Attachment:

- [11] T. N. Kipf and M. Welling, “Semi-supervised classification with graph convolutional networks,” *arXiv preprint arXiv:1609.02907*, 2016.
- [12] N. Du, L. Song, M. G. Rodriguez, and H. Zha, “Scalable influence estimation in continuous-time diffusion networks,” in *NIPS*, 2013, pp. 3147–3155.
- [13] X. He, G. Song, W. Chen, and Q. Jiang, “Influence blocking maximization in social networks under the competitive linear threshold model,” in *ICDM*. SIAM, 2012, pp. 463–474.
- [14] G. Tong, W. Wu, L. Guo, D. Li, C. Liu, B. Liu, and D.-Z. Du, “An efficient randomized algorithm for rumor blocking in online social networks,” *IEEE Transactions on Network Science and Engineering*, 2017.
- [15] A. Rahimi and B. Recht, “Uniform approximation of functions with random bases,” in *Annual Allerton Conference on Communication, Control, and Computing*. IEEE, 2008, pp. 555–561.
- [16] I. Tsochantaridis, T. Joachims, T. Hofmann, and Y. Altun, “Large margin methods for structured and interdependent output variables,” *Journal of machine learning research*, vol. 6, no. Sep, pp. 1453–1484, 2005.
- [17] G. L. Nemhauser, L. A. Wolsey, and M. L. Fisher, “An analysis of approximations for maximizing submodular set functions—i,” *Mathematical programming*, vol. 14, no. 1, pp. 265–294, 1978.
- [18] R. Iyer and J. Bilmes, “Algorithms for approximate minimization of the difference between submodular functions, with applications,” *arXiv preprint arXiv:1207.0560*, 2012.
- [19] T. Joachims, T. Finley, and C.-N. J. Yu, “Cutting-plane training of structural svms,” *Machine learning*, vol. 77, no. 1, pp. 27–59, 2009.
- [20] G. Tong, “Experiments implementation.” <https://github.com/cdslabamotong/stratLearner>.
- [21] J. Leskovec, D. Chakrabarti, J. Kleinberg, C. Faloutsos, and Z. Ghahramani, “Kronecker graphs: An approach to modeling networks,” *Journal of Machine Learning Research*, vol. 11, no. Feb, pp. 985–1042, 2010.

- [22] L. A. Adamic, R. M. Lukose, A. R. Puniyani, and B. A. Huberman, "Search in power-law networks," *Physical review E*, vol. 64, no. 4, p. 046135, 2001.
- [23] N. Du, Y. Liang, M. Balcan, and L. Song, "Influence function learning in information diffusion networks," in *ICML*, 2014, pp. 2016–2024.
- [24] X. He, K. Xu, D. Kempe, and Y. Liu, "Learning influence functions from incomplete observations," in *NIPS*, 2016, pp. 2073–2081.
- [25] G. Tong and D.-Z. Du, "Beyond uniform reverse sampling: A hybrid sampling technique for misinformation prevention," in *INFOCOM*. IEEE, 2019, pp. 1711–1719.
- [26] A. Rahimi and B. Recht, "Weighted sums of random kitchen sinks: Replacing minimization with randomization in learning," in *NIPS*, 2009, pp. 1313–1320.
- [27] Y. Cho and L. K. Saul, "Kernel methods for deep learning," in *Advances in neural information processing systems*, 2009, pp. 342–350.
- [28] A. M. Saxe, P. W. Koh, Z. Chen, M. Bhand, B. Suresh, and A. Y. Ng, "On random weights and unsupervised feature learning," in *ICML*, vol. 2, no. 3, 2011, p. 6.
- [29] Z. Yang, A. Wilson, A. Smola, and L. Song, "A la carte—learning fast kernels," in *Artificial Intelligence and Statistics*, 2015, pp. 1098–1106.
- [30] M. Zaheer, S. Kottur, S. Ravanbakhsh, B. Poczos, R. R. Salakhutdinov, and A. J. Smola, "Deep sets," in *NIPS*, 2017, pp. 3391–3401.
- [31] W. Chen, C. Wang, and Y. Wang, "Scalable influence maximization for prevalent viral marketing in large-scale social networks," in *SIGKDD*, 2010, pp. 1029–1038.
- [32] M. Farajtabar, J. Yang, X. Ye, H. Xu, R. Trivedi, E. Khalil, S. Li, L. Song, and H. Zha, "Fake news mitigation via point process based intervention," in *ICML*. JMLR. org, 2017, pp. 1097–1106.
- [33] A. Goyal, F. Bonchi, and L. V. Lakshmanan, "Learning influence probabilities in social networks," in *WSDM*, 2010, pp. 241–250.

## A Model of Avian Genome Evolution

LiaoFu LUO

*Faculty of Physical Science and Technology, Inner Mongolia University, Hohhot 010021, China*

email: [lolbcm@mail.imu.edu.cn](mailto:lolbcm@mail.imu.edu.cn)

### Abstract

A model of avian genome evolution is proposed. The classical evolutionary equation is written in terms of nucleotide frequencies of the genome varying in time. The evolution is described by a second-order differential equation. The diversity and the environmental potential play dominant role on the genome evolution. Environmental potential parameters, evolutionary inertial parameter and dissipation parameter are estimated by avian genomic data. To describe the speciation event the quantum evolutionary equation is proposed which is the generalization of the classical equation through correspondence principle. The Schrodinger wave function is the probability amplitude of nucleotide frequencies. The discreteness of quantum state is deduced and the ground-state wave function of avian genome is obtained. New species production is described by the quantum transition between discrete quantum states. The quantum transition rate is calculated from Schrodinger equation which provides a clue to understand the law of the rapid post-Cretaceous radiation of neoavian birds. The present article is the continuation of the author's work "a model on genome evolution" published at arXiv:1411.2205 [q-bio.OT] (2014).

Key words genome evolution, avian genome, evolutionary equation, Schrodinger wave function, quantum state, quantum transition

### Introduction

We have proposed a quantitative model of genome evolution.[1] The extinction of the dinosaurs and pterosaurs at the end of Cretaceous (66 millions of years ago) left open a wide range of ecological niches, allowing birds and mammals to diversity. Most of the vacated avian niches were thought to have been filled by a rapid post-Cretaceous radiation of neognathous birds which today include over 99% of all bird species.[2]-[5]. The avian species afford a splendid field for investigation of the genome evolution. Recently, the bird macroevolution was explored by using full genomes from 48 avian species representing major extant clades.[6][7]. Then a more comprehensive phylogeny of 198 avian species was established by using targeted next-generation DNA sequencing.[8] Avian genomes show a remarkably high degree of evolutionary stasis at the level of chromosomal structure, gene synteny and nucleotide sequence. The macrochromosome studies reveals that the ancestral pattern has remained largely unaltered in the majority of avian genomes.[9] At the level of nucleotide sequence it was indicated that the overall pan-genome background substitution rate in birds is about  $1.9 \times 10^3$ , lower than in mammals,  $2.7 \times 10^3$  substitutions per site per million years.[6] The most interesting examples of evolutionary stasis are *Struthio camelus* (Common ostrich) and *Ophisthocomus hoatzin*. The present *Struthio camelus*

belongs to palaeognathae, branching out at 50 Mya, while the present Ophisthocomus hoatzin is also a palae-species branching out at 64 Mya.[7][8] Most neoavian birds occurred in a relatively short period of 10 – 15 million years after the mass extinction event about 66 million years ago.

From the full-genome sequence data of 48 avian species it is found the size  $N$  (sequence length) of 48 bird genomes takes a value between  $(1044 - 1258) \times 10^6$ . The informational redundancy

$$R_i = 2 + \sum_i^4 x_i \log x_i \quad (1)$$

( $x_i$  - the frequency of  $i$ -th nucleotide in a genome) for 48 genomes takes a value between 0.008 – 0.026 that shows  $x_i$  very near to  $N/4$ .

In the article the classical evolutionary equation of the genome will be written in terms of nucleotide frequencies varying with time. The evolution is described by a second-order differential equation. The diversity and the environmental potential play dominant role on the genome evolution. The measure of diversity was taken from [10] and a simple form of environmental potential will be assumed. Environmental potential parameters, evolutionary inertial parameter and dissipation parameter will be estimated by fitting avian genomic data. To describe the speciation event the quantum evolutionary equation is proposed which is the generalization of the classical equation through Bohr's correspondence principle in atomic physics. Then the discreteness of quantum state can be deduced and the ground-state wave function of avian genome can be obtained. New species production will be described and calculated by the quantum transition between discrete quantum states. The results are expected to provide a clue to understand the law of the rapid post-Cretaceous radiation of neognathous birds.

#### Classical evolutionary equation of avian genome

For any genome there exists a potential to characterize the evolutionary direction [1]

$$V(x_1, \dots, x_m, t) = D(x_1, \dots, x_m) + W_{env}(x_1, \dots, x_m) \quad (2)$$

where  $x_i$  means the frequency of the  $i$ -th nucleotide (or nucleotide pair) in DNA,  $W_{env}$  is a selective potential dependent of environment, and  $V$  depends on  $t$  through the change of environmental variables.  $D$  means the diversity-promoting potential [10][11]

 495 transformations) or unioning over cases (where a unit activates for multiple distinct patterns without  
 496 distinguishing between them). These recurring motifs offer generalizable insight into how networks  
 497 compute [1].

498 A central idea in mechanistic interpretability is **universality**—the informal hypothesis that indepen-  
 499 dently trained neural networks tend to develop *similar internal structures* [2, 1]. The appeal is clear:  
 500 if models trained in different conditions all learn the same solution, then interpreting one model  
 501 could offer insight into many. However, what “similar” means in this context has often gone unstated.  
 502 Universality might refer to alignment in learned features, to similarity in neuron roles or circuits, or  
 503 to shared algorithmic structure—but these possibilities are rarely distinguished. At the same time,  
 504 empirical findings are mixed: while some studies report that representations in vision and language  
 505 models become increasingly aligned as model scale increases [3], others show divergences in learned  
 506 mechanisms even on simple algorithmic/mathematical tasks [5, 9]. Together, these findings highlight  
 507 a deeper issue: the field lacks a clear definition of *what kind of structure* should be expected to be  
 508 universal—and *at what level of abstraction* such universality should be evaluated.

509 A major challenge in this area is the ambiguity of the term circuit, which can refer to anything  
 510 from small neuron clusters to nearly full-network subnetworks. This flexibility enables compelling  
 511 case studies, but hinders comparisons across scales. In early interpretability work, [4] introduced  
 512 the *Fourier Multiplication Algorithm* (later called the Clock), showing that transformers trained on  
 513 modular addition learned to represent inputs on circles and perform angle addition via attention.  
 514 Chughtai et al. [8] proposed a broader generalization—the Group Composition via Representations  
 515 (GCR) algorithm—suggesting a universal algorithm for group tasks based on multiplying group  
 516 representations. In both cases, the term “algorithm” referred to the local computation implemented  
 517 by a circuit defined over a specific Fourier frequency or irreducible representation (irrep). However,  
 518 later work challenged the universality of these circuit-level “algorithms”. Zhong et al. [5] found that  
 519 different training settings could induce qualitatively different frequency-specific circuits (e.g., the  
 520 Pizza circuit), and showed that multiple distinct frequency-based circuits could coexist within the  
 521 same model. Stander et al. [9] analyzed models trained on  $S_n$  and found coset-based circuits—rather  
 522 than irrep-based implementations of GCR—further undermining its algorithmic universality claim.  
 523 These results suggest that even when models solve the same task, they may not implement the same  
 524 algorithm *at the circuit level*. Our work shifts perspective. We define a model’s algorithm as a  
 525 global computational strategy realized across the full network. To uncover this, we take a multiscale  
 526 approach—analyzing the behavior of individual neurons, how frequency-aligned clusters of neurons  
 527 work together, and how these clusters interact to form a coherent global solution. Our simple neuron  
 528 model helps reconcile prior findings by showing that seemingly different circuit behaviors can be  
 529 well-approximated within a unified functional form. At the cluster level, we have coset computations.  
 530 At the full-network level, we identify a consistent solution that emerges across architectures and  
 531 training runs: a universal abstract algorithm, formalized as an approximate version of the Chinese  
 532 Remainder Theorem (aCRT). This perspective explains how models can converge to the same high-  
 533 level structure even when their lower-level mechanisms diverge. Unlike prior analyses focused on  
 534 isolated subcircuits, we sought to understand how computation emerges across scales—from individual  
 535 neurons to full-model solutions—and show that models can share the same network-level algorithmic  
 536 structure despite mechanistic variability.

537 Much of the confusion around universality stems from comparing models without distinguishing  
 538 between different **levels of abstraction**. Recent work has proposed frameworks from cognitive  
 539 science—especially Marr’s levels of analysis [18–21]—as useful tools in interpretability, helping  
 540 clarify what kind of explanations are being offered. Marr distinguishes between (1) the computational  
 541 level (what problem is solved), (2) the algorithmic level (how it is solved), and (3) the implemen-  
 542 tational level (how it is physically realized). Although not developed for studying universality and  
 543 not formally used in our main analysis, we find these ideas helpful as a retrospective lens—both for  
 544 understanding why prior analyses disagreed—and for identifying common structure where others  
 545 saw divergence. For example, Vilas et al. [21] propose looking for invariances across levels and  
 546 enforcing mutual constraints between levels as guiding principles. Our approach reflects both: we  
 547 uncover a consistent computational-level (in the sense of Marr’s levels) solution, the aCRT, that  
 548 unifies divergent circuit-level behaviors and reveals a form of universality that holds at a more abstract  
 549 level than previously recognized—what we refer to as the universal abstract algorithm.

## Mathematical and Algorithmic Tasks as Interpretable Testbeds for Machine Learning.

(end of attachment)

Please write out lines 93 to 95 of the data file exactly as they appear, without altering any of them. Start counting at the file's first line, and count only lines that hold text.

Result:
 546 enforcing mutual constraints between levels as guiding principles. Our approach reflects both: we  
 547 uncover a consistent computational-level (in the sense of Marr’s levels) solution, the aCRT, that  
 548 unifies divergent circuit-level behaviors and reveals a form of universality that holds at a more abstract  